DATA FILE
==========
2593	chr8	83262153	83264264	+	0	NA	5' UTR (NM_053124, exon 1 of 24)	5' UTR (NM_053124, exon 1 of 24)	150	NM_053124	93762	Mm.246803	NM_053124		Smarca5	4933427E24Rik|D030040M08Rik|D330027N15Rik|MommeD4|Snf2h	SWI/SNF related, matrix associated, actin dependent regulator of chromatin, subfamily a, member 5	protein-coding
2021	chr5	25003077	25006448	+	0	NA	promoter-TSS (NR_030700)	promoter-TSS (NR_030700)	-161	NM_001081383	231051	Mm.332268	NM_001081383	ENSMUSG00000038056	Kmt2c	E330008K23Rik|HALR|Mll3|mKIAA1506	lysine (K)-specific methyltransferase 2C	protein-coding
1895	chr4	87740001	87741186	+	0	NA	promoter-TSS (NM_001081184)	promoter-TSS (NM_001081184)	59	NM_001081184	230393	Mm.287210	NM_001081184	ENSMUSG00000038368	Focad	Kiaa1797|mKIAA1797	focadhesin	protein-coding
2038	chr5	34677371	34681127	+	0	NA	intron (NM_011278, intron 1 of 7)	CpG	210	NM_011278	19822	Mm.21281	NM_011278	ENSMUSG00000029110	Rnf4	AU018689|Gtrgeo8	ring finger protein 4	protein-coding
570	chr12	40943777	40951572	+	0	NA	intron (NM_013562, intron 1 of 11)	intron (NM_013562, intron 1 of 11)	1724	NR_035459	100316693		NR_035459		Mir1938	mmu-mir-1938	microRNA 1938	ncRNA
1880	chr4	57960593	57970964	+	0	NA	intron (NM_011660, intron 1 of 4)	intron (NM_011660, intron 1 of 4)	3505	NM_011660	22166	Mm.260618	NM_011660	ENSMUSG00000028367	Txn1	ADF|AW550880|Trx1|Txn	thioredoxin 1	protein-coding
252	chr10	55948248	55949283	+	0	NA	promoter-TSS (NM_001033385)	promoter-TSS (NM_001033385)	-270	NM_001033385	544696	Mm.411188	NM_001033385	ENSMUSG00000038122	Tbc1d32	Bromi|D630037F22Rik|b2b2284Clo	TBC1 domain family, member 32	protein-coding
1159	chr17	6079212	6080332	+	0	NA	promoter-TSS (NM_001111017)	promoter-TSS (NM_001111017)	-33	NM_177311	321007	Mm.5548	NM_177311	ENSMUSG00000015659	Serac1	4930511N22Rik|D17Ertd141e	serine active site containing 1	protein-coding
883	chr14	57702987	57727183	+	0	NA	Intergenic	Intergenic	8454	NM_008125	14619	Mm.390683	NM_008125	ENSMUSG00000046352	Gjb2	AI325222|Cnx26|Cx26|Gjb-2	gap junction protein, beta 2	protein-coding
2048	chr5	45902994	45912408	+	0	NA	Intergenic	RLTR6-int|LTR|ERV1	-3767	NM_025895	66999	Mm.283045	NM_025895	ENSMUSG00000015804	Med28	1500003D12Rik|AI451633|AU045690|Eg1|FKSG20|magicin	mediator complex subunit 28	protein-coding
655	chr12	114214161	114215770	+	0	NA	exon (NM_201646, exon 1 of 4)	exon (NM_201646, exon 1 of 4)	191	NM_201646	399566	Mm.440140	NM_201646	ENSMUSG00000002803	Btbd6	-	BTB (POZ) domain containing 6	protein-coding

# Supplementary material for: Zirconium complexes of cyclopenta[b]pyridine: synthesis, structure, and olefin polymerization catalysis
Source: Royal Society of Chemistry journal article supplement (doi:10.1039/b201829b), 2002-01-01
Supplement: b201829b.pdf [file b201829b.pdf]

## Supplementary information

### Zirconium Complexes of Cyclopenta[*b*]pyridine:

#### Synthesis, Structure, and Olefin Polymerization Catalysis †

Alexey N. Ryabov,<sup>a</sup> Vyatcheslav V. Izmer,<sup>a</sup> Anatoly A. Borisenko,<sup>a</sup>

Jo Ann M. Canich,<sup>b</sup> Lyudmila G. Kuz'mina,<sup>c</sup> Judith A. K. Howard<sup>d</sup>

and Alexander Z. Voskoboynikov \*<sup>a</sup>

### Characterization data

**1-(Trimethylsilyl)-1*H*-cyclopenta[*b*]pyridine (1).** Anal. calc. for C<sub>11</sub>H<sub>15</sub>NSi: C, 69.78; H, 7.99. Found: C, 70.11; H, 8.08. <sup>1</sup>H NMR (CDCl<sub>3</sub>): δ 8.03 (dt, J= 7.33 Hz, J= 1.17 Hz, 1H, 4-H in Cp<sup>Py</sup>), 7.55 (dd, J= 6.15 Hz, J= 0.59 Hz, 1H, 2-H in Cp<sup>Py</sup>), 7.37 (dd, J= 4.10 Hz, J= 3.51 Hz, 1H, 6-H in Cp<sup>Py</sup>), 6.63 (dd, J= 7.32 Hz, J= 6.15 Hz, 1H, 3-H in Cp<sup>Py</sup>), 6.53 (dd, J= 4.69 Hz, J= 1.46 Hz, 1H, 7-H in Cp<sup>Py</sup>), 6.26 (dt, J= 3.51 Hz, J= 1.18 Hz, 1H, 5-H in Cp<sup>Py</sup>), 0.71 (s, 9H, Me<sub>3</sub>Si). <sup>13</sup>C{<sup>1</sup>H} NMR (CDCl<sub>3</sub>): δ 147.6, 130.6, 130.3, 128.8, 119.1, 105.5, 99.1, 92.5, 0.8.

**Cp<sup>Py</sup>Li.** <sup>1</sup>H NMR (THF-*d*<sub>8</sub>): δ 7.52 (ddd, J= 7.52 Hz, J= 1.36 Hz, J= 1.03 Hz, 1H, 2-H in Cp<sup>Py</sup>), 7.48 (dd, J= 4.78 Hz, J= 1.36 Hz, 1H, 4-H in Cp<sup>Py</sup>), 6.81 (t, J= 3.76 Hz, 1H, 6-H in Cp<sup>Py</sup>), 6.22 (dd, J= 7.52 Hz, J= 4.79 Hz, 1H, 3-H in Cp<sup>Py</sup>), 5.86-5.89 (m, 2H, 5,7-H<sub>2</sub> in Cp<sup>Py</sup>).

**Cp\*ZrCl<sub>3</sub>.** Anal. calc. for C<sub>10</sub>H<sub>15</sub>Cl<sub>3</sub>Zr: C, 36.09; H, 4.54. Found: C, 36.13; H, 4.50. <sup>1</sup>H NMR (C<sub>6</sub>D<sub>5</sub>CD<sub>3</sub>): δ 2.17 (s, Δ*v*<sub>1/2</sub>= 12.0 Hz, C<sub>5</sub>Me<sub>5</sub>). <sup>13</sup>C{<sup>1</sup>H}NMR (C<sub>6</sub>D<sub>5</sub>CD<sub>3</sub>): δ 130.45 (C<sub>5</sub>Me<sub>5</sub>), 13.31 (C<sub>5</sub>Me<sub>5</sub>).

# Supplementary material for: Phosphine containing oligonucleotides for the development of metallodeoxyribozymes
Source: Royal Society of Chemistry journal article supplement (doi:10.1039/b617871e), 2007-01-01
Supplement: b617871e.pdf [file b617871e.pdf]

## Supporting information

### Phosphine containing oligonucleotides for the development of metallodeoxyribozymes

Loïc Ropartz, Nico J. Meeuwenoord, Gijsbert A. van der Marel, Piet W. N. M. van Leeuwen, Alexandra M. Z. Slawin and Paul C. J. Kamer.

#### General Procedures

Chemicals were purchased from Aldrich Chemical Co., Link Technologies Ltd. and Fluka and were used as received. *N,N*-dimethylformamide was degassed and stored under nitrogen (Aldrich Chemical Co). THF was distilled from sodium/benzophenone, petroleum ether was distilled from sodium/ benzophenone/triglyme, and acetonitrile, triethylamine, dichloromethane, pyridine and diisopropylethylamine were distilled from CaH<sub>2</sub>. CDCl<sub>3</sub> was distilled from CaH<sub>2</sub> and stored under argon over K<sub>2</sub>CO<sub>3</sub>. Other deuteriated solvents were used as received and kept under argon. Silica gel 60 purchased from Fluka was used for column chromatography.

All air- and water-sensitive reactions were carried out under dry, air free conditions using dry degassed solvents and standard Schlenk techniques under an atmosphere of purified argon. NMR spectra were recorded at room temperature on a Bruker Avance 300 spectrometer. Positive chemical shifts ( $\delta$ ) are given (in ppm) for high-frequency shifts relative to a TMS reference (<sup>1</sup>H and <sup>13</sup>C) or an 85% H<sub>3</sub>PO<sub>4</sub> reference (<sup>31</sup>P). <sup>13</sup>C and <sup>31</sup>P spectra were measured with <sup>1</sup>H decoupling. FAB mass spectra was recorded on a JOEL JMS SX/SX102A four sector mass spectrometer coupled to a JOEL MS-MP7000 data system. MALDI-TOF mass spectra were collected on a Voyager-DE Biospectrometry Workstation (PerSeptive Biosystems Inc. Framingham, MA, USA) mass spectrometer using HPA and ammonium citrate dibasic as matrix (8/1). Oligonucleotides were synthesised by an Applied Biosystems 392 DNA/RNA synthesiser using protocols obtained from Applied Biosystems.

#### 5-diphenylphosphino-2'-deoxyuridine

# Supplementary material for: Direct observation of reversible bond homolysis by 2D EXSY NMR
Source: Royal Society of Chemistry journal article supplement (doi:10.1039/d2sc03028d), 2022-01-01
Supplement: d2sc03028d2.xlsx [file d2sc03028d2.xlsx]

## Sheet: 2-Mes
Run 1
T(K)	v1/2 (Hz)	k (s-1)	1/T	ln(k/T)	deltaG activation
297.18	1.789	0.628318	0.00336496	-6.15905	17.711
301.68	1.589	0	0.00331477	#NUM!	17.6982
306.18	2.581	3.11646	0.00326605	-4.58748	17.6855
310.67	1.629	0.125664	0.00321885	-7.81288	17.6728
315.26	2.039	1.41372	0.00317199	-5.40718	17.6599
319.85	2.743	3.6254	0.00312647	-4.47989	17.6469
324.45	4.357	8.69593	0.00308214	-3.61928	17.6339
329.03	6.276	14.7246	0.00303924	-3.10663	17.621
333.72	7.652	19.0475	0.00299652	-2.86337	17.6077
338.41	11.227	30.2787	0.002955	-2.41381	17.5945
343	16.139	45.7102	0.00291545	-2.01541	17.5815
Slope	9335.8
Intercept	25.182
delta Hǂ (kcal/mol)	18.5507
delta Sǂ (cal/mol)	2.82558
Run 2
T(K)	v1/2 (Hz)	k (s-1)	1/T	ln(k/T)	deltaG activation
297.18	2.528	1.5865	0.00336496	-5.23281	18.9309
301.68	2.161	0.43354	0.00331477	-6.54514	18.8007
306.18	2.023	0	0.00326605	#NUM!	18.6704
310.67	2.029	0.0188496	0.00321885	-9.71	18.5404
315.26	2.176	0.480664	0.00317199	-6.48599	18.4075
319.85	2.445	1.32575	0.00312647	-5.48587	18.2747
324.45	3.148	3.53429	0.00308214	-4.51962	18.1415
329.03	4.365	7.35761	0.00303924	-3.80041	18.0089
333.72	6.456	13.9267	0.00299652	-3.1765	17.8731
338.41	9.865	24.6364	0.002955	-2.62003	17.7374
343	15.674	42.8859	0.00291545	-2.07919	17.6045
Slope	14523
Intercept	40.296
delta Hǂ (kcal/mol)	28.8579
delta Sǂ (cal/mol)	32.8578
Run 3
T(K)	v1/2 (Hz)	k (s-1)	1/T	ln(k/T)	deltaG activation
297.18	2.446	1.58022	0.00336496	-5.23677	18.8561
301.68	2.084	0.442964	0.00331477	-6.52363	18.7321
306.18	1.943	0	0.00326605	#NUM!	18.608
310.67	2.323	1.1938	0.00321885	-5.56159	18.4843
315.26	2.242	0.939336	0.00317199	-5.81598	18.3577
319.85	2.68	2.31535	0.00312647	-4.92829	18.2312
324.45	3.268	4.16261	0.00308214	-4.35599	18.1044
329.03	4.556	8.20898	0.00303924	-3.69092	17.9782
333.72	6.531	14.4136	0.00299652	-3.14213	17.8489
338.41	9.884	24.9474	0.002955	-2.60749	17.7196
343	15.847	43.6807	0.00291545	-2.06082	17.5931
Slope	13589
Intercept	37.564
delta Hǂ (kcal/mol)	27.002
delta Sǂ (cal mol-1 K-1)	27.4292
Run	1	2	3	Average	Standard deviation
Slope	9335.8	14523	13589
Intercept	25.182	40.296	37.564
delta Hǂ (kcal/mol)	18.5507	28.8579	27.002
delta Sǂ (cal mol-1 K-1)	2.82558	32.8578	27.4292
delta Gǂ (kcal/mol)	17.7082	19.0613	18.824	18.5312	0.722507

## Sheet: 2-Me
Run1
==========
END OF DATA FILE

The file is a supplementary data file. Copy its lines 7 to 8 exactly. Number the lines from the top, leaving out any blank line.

252	chr10	55948248	55949283	+	0	NA	promoter-TSS (NM_001033385)	promoter-TSS (NM_001033385)	-270	NM_001033385	544696	Mm.411188	NM_001033385	ENSMUSG00000038122	Tbc1d32	Bromi|D630037F22Rik|b2b2284Clo	TBC1 domain family, member 32	protein-coding
1159	chr17	6079212	6080332	+	0	NA	promoter-TSS (NM_001111017)	promoter-TSS (NM_001111017)	-33	NM_177311	321007	Mm.5548	NM_177311	ENSMUSG00000015659	Serac1	4930511N22Rik|D17Ertd141e	serine active site containing 1	protein-coding